Employers with H1B workers also should audit their H1B required record keeping [public access files (PAFs)] periodically, including their labor condition applications (LCAs). Employers must retain a current, proper, unexpired LCA for each H1B worker. This LCA should be retained in the PAF, and must reflect the H1B worker's current work location(s) and position. Most changes in the work location of an H1B worker require, at the very least, the re-posting of the original LCA filing at the new work location in two conspicuous locations for ten days. If the new worksite is not in the same metropolitan statistical area (MSA) covered by the original LCA, then the employer must obtain certification of a new LCA for that location and comply with the applicable U.S. Department of Labor (DOL) posting regulations. Relocation and Change in Workplace Relocation of an H1B employee also frequently triggers the need to file an amended H1B petition. An amended H1B petition may be required if there has been a material change in the terms and conditions of employment, or changes that effect eligibility for H1B status. Substantial Salary Change If an H1B worker's salary increase results in an employee earning well above the offered wage listed in the H1B petition and labor condition application (LCA) currently in place for the worker, the employer should examine whether the employee still actually is working in the same position and performing the same job duties as those described in the H1B petition. If the individual is working in a higher or different position than what is listed in the H1B petition and underlying LCA, it may be necessary to obtain a new certified LCA and amend the H1B petition. "Prevailing" Versus "Actual" Wage Under the law, H1B workers must be paid the higher of the prevailing wage or the actual wage. The actual wage is the wage paid to other employees of the company who hold the same position. A memorandum regarding the actual wage, which is generally a range dependent upon various factors, must be included in the public access file. If there has been an overall adjustment to the employer's pay system or scale, the employer must retain documentation that explains the change and establishes that, even after the change, the H1B workers are receiving the greater of the actual or prevailing wage. It is necessary to properly identify wage levels in H1B filings. If an individual initially was working in a level I (entry level) position, but has advanced over time to a level II position or above, this should be reflected in an amended H1B petition and new LCA filing. Accordingly, it is important to accurately identify the wage levels and document and retain proof of the minimum job requirements used in preparing the LCA and H1B petition. Year End W-2 Should Match LCA/H1B Petition Wage Employers should look at their H1B employees' expected year-end gross wages to see if there is a discrepancy between the wages actually paid and wages listed in the LCAs and H1B petitions. While the U.S. Department of Labor (DOL) does not consider a W-2 to be conclusive proof of payment of the required wages, checking the year-end gross wages of each H1B employee tends to be a safe approach. Wage Discrepancy May be Indicative of Violation If it appears that an H1B employee has not been paid the required wage, the employer should consider consulting with an experienced immigration attorney. The reasons for the wage deficiency can be reviewed to determine whether there is a potential violation and back-wage obligation, or whether the employer has a valid claim to an exception. If there is an applicable exception, the file and human resources records should be well documented, in case of a DOL investigation. There can be many valid reasons that the W-2 wage does not match the LCA wage. The simplest situation is found during the H1B employee's first year of employment in the United States. Very few H1B employees start employment precisely on January 1st. In those cases, the W-2 for that year would not reflect the full annual salary. There can also be normal irregularities in pay cycles, as wages are almost always behind by at least a week or two because of payroll timing. Employers should verify, however, that their payroll systems are compliant with both federal and state laws. Terminated H1B Employees and No-Shows Employers are obligated to notify the Department of Homeland Security (DHS) immediately of materials changes in H1B worker terms and conditions of employment, including termination of employment. Failure to notify DHS/USCIS of an H1B worker's termination of employment may result in continued liability to pay the H1B worker's wages.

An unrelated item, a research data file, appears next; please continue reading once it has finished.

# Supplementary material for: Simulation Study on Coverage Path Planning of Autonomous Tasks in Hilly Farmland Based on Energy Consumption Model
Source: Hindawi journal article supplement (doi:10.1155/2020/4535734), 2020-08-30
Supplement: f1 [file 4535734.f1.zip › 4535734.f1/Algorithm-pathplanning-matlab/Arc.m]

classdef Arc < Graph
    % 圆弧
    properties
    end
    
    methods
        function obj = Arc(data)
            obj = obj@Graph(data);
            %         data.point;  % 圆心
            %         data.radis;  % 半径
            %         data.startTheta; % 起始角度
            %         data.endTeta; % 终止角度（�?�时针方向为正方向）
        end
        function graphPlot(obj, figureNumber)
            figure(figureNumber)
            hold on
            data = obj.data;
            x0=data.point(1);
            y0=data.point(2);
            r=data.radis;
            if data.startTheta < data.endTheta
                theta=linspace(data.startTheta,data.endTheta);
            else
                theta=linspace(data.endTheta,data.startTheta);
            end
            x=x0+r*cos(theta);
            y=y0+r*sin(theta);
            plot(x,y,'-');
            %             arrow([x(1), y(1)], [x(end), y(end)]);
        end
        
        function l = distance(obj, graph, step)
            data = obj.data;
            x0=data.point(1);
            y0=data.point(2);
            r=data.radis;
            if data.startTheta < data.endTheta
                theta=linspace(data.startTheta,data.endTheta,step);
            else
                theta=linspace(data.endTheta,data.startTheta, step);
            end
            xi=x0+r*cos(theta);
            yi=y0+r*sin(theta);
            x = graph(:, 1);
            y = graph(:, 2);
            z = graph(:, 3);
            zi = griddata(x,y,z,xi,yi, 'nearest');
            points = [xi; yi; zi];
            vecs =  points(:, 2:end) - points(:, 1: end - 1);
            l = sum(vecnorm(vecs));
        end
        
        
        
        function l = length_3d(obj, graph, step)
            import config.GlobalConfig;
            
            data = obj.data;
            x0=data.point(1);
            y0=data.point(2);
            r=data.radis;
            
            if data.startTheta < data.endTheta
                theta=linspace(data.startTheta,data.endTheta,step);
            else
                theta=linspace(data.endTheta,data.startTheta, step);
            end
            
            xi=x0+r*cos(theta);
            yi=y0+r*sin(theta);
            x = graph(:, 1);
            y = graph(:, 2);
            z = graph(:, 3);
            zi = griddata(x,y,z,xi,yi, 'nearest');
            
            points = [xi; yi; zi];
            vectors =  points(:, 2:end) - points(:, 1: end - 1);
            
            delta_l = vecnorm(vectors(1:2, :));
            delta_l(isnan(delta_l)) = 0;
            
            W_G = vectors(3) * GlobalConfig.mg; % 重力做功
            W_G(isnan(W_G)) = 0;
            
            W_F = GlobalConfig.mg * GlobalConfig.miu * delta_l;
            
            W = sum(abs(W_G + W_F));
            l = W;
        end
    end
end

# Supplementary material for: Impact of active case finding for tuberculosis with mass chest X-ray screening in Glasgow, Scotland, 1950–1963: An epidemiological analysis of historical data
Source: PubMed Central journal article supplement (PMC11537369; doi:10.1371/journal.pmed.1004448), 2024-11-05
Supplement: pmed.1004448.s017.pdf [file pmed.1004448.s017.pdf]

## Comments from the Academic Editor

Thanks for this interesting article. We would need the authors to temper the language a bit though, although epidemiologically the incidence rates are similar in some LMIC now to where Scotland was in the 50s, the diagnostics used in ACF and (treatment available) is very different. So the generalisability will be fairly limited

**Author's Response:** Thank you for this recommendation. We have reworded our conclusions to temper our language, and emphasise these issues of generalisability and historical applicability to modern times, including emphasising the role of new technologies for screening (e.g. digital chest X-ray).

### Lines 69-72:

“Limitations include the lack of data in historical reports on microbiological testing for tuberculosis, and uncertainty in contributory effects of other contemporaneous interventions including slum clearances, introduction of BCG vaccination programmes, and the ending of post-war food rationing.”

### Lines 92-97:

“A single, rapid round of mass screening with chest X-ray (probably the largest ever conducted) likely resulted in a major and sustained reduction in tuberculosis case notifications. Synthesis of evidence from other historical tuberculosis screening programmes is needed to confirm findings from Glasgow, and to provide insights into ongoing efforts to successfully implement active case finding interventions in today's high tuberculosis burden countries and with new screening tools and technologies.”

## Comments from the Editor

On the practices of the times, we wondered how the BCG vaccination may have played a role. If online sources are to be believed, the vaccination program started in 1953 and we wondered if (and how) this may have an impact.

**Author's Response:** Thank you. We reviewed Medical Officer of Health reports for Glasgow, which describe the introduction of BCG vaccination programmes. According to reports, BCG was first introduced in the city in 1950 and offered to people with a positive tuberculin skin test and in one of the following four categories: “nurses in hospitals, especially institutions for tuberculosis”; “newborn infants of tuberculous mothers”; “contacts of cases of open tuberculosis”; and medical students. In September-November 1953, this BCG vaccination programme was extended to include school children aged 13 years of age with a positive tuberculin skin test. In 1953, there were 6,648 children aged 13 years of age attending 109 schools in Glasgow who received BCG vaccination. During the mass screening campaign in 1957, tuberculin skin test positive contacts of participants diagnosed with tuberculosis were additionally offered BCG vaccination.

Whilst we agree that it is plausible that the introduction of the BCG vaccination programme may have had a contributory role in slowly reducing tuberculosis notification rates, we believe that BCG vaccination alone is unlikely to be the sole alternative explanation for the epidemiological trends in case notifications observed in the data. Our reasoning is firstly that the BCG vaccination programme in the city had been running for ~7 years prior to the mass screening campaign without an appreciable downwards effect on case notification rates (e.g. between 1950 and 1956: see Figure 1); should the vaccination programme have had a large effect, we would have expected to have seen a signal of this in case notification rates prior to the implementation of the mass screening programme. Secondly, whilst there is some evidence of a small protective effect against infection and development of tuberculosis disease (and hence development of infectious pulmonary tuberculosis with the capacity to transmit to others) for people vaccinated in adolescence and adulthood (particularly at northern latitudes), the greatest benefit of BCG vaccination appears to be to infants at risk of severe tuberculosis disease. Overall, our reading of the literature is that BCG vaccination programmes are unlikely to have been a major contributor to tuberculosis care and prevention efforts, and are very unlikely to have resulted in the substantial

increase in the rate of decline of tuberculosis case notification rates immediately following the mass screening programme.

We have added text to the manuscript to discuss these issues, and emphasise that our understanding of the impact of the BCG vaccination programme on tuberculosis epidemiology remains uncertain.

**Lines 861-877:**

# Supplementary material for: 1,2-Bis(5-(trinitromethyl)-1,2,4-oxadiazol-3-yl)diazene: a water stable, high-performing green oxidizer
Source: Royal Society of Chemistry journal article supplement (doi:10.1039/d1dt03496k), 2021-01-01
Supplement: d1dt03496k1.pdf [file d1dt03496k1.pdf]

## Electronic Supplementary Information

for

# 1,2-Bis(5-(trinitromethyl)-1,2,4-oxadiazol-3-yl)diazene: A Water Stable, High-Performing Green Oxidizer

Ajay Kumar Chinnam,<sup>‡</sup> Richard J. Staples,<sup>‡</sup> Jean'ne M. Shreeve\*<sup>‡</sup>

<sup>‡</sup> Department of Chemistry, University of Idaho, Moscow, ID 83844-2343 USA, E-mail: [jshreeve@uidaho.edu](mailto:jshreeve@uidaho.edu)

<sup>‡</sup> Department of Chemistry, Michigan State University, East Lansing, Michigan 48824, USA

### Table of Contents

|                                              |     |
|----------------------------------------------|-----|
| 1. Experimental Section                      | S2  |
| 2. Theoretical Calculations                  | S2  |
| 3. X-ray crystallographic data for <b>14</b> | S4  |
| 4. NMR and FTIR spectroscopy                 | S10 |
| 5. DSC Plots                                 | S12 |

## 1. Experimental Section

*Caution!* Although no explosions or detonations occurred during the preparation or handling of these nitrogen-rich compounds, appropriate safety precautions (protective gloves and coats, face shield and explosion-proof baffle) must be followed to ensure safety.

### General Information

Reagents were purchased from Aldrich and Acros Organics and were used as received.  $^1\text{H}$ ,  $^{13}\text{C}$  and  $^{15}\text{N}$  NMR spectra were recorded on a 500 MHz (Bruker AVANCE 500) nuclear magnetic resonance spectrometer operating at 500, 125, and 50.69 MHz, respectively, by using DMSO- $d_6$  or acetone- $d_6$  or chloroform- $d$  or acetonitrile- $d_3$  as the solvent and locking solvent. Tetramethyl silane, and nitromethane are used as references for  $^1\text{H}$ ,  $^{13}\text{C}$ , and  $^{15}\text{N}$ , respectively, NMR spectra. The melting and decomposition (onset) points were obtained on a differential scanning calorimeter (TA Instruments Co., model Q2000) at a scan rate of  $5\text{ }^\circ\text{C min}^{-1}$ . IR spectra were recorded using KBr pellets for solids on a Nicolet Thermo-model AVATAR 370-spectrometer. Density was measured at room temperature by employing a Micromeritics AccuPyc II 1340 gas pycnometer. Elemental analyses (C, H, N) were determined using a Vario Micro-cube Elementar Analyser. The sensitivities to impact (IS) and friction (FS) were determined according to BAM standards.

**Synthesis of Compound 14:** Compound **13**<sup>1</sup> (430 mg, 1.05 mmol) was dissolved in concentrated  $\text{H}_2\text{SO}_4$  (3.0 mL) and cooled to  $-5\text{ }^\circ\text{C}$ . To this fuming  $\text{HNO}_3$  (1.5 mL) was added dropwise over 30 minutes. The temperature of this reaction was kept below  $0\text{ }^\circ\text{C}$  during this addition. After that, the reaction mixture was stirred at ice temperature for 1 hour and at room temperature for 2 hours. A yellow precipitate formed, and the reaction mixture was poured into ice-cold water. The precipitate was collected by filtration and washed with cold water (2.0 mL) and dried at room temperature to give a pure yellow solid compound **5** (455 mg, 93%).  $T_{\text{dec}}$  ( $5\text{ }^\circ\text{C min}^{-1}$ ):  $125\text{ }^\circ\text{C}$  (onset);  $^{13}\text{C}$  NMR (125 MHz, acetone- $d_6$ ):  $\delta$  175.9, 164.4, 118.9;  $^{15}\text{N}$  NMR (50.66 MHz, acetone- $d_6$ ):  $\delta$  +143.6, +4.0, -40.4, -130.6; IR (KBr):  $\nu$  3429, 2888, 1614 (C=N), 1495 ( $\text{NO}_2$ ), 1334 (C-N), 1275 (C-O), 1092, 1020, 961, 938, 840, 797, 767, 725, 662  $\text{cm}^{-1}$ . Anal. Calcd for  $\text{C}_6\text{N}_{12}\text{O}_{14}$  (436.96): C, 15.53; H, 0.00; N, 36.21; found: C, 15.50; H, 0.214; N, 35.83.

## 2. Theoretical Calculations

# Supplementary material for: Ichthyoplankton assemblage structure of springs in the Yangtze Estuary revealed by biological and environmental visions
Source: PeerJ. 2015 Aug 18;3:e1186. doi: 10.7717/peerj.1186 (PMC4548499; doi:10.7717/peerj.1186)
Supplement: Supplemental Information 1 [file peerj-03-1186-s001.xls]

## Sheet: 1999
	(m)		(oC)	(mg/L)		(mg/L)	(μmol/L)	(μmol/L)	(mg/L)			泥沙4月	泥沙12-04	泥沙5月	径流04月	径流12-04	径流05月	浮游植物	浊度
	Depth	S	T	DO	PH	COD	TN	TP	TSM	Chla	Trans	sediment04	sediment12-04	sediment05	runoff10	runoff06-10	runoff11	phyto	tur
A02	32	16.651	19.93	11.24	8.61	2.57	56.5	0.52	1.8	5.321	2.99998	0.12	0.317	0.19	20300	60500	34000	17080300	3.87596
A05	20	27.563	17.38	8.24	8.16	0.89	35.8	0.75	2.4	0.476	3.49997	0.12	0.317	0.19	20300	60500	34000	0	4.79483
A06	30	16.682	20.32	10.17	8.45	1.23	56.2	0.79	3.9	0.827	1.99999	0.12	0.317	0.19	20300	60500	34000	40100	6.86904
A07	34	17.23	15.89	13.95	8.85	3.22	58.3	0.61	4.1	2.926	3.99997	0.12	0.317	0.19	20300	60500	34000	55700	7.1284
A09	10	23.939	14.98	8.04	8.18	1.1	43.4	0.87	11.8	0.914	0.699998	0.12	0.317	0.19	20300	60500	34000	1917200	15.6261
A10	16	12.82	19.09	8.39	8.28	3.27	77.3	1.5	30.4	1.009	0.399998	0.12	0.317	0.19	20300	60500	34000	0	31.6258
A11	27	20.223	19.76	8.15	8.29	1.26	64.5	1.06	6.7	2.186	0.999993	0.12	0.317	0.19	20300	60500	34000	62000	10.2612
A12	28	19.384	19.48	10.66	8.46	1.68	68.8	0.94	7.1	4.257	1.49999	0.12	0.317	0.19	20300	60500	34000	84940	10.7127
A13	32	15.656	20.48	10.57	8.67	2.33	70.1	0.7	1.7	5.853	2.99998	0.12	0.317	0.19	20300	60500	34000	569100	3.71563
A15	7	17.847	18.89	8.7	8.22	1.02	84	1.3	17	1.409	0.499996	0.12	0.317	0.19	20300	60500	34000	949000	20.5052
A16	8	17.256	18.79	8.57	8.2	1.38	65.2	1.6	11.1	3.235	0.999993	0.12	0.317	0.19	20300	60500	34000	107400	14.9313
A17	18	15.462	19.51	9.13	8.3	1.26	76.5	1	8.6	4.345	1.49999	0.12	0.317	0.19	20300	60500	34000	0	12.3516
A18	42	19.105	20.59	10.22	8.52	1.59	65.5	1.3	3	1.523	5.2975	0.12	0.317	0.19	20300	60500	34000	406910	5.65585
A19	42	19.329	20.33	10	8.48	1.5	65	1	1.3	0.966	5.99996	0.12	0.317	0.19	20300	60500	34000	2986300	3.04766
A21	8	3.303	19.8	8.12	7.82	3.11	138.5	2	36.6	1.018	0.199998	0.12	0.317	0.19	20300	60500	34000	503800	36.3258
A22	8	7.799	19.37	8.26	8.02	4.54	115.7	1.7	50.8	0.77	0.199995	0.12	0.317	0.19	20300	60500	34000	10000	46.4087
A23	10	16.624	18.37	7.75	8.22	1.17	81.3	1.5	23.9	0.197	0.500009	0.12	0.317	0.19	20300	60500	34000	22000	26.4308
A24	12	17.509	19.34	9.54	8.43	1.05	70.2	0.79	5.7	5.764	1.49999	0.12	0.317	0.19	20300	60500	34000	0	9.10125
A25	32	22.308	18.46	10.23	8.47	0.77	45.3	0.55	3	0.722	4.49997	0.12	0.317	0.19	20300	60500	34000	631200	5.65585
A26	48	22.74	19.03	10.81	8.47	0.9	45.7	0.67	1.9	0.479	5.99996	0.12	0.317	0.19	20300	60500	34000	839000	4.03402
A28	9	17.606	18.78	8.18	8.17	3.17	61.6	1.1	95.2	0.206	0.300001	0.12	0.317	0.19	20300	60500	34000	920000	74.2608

Corporate Mergers and Acquisitions May Affect Immigration Responsibilities
Corporate transformations, including Mergers, acquisitions, spin-offs, and asset purchases, may have specific consequences regarding immigration records. Employers should exercise their due diligence concerning immigration records for corporate transformations, including examining and determining compliance with regard to Forms I-9 forms, LCA public access files, as well as assessing the impact on the continuing employment eligibility of foreign nationals in specific visa classifications.
Every employer should have a planned system in place to monitor train certain employees to handle Forms I-9 and other immigration-related records. Every employer should regularly conduct in-house internal I-9 audits. If your company employs foreign nationals in any nonimmigrant employment-authorized visa status, you should also regularly review these immigration records. Who is training in maintaining these records, who is supervising the record keeping, and who is handling the internal audits of these records in your company?